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Chapter Summary

  • The physical remains of humanly made artifacts form the bulk of the archaeological record. The artifacts that are found by archaeologists may not represent the range of objects actually used because certain materials preserve better than others. For this reason, stone tools and ceramics dominate the archaeological record. Objects made of fabric, cord, skin, and other organic materials no doubt date back to the very earliest archaeological periods but they rarely survive. The introduction of pottery in a culture seems to coincide with the adoption of a sedentary way of life.
  • Ethnography and ethnoarchaeology can shed light on questions concerning technology as many modern cultural groups make tools and pottery that are similar to those used in the past. Experimental archaeology also helps researchers understand how artifacts were made and what they were used for. Many archaeologists have become proficient in activities like stone tool manufacture for just this reason. Despite the indications offered by ethnography and experimental archaeology, only microwear studies can prove how a stone tool was used and what material it was used on.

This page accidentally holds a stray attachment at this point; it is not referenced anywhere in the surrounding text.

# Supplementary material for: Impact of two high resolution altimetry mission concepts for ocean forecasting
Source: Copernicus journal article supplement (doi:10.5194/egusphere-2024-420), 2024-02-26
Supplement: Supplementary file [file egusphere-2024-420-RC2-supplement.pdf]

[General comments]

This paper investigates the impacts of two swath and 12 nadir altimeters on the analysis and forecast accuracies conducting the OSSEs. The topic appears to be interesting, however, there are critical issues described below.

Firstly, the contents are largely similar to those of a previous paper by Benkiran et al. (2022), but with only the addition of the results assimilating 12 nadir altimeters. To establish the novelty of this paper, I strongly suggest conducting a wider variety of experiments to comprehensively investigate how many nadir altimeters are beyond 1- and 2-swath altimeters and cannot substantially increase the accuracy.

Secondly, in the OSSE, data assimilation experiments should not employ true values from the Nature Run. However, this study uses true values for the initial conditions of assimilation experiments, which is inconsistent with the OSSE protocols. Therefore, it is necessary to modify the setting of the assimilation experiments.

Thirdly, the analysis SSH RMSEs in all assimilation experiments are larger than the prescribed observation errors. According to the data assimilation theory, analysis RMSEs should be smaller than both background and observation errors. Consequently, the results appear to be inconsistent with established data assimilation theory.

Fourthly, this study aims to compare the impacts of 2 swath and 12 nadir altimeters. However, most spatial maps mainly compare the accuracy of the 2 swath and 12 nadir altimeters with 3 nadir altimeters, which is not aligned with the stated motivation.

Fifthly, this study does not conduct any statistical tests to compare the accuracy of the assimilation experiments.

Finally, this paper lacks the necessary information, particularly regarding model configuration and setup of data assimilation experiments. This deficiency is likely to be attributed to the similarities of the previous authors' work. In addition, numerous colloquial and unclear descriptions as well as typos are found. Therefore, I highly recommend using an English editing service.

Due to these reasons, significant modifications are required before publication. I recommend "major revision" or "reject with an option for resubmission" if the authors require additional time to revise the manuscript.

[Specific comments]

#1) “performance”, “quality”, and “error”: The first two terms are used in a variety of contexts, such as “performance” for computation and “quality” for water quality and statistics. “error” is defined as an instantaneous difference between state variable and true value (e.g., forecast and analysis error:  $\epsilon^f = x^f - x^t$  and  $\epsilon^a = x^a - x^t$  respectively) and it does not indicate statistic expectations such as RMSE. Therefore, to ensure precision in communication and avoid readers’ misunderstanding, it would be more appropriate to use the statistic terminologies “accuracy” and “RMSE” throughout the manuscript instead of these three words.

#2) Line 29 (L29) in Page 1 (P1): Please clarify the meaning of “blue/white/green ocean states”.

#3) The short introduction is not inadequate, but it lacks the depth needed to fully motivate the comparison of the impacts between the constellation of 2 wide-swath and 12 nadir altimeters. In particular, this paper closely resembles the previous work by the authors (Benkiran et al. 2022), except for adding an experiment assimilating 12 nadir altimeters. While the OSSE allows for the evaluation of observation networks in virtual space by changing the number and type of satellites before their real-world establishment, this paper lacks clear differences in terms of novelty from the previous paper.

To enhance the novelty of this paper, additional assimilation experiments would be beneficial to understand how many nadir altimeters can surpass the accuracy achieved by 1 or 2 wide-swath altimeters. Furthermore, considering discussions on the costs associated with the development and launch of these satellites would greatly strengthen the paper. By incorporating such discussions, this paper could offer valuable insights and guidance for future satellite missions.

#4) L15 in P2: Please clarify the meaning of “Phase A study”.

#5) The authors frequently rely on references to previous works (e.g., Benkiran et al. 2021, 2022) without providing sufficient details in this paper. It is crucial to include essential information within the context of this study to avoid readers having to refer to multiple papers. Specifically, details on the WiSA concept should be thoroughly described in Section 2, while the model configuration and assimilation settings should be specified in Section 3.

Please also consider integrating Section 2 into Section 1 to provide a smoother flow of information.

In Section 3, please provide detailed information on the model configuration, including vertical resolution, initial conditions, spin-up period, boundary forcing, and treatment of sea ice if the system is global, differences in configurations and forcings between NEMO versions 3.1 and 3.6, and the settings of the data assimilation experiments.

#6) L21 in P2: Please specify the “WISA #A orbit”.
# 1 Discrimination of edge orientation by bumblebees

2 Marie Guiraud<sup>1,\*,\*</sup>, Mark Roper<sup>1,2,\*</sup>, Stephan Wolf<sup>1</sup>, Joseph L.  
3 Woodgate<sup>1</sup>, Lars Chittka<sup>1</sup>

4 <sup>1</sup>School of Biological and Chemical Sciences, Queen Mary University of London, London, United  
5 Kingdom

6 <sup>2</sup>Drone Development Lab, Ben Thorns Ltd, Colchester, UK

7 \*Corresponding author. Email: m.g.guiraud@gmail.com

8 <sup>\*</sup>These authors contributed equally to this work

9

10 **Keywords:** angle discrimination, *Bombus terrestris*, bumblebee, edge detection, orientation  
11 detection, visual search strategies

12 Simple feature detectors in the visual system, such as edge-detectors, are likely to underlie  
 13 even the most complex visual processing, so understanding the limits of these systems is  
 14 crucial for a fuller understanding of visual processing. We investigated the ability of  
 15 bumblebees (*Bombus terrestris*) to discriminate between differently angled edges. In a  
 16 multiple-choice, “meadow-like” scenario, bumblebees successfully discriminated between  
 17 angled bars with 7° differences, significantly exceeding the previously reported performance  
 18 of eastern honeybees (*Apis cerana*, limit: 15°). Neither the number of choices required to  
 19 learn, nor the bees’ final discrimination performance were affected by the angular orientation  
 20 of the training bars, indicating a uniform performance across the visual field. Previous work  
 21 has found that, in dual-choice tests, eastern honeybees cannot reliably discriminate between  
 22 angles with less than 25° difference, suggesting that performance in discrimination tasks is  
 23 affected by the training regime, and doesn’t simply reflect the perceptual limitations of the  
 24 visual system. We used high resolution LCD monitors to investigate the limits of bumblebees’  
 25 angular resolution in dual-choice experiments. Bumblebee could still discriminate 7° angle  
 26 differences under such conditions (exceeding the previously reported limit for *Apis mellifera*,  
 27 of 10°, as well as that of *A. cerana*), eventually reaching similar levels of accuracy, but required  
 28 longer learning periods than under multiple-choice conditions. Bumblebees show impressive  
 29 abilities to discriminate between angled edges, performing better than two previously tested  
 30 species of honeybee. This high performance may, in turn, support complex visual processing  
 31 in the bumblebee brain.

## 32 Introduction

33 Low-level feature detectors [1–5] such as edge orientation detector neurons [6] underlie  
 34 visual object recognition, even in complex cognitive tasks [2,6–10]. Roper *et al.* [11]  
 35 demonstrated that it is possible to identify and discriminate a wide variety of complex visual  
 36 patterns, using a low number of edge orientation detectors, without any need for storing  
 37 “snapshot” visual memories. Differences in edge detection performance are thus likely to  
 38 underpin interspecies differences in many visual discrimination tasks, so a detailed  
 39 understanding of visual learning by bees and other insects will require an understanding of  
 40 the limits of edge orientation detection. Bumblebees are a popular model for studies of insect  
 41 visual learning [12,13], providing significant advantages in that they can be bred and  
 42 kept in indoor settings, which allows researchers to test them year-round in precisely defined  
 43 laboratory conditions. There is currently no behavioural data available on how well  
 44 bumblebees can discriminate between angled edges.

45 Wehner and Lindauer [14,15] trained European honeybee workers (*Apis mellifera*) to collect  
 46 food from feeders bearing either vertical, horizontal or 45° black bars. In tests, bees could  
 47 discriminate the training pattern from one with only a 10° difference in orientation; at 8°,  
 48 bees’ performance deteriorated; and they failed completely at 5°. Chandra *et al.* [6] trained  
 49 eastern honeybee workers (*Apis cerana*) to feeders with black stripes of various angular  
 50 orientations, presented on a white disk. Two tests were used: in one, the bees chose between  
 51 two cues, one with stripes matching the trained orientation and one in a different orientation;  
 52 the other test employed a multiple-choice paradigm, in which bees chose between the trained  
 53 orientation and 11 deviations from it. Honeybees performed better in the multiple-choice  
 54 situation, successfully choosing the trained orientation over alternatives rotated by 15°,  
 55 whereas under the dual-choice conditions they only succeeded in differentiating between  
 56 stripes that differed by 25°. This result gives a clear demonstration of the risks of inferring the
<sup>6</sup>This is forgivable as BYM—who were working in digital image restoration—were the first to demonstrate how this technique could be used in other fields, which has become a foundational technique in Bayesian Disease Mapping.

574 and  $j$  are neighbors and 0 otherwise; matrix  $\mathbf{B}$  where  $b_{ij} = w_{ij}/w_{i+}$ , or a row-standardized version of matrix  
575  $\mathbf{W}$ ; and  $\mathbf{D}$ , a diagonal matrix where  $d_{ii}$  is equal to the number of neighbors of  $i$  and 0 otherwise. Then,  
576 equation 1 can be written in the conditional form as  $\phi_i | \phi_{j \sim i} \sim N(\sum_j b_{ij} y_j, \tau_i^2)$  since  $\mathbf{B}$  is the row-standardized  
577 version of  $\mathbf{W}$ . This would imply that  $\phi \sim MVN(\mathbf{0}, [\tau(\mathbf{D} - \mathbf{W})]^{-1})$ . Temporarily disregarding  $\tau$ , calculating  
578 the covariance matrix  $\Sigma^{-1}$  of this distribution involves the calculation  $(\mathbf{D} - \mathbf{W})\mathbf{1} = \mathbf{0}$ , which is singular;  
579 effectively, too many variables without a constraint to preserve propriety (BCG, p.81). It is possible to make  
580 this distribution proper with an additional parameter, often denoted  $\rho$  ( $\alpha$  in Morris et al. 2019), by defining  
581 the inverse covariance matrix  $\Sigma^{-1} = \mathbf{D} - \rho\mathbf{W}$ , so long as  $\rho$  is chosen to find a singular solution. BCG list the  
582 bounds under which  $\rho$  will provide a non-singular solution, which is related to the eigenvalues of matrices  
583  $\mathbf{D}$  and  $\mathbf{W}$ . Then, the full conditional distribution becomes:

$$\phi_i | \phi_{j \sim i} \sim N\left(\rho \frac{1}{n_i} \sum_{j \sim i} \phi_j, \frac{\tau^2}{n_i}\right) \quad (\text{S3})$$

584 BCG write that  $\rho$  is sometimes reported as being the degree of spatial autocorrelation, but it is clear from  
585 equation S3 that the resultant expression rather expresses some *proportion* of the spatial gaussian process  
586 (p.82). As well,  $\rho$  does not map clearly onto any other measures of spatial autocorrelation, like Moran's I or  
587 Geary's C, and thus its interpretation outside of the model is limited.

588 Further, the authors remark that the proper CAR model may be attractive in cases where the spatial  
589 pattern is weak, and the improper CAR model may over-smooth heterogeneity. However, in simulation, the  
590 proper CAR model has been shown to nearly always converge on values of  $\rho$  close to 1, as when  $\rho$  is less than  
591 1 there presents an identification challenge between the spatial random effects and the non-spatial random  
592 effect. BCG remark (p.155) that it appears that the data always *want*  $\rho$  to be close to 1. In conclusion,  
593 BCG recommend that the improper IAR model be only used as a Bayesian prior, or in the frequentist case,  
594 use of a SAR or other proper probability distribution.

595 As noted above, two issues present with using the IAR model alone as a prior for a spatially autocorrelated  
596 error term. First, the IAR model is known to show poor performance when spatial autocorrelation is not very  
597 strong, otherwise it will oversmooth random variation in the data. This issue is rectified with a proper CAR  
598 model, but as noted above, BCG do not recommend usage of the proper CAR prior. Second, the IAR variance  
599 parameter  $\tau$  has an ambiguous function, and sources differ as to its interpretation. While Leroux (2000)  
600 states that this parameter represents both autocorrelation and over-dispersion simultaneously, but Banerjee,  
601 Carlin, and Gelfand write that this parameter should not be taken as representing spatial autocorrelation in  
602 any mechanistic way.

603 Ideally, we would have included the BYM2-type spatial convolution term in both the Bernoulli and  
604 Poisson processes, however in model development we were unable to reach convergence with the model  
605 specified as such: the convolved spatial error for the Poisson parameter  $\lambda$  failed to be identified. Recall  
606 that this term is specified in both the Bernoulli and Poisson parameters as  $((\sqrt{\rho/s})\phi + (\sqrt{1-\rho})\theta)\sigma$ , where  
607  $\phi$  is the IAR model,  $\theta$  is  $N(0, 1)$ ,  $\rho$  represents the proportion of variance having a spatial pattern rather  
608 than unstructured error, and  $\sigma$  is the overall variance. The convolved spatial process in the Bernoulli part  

• Stone tools are often made by removing material from a core until a desired shape is obtained. The flakes removed from the core can also be used as tools in their own right. Long parallel-sided blades, however, dominate in some parts of the world. Because blades are removed from a core systematically a large number of tools can be produced while very little raw material is wasted.
  • Copper was the most important metal used in early times. The alloying of copper to produce bronze represents a significant step forward in metallurgical practice: the resulting alloy is both stronger and less brittle than copper alone. There are a variety of different methods by which metal and metal artifacts can be produced or manufactured. Casting using the lost-wax method was an important development.

Key Concepts

Are They Artifacts at All?

Eoliths, p.318
Bulb of percussion, p.318

Extraction: Mines and Quarries

Mines, p.321
Quarries, p.321

Stone Tool Manufacture

Core, p.325
Retouching, p.325
Oldowan industry, p.325
Levallois technique, p.325
Knapping, p.327
Refitting, p.329

Identifying the Function of Stone Tools: Microwear Studies

Microwear analysis, p.329

Other Unaltered Materials

Bone, antler, shell, and leather, p.334
Wood, p.337
Watercraft, pp.338–40
Textiles, pp.340–42
Fiber microwear analysis, p.342

Synthetic Materials

Pyrotechnology, p.342
Pottery, p.344
Temper, p.344
Kilns, pp.344–45
Faience, p.345
Glass, pp.345–46

Archaeometallurgy

Non-Ferrous Metals, p.347
Alloying, pp.347, 349
Metallographic examination, p.348
Casting, pp.349–50
Lost-wax technique, pp.349–50
Slag, p.352
Platinum, p.353

Copper Production in Ancient Peru

Tuyeres, pp.350–51

Fine Metalwork

Filigree, p.353
Plating, p.354

Iron and Steel

Iron smelting, p.354
Steelmaking, p.355